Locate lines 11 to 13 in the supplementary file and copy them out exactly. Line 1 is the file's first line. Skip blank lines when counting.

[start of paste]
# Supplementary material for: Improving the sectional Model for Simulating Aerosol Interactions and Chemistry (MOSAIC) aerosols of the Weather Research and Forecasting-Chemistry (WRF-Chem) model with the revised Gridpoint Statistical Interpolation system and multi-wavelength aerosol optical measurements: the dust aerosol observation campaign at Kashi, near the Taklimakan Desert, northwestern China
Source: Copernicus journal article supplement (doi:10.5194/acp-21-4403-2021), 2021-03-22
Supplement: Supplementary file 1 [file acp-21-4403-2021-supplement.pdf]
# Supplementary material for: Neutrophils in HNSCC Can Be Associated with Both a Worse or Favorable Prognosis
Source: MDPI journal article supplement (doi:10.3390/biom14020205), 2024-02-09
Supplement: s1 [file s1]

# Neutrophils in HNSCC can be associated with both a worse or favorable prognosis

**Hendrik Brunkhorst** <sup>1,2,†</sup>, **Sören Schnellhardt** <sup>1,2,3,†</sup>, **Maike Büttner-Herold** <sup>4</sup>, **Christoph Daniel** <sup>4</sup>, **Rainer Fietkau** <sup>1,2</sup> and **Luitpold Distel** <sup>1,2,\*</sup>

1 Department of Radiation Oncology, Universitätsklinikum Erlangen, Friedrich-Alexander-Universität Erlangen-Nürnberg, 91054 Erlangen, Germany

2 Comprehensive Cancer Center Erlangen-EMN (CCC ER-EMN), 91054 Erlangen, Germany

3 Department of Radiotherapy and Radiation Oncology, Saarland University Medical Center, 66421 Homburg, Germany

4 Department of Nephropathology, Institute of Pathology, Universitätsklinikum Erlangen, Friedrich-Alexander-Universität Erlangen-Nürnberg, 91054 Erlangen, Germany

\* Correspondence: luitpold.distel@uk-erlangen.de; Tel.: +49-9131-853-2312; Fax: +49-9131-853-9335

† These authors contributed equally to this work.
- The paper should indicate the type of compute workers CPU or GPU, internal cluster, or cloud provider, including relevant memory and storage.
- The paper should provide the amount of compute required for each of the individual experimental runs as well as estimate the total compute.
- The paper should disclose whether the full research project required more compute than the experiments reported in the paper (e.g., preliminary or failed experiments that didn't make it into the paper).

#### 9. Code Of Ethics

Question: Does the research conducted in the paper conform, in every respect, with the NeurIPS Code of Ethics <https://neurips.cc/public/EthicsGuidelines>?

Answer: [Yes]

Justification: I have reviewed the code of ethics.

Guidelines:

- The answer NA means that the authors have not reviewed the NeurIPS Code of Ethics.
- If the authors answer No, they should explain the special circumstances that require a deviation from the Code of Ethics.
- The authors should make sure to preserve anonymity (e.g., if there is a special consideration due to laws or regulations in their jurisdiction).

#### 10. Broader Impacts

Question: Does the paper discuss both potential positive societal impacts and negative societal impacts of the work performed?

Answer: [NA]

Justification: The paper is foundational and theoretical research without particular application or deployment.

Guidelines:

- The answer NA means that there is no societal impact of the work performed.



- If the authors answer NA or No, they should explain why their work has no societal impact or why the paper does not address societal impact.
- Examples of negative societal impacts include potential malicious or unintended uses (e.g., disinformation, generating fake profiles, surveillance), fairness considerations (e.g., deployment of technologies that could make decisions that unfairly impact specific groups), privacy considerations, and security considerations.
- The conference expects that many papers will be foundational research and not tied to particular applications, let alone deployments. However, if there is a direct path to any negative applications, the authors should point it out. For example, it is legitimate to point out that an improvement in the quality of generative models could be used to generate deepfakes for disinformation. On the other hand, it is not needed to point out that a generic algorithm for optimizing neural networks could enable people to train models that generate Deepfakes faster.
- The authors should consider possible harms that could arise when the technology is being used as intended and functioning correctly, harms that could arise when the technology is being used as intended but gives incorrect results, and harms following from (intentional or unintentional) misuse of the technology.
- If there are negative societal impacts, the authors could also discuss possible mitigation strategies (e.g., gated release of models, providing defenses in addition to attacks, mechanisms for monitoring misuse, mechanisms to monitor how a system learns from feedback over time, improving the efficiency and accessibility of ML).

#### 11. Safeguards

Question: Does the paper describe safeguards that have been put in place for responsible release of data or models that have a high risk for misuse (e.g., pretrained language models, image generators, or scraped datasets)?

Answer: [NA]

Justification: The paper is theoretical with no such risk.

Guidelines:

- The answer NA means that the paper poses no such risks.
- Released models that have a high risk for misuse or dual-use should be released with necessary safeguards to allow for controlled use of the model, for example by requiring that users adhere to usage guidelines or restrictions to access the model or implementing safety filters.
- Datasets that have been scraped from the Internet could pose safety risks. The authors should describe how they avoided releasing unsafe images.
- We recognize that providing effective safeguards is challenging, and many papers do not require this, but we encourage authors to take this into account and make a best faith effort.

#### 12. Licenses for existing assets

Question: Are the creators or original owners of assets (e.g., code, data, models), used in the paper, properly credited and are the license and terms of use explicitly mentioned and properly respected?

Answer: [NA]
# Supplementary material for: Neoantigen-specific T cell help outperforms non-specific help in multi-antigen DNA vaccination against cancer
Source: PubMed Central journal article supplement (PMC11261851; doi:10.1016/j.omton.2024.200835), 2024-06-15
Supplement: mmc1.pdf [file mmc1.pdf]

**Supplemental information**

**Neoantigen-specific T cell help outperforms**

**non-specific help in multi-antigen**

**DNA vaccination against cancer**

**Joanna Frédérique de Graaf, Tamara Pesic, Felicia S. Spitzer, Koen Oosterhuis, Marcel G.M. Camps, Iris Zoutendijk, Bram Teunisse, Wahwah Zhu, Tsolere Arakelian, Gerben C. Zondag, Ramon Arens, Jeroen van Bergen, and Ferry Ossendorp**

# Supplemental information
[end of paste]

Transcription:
3 Department of Radiotherapy and Radiation Oncology, Saarland University Medical Center, 66421 Homburg, Germany

4 Department of Nephropathology, Institute of Pathology, Universitätsklinikum Erlangen, Friedrich-Alexander-Universität Erlangen-Nürnberg, 91054 Erlangen, Germany

\* Correspondence: luitpold.distel@uk-erlangen.de; Tel.: +49-9131-853-2312; Fax: +49-9131-853-9335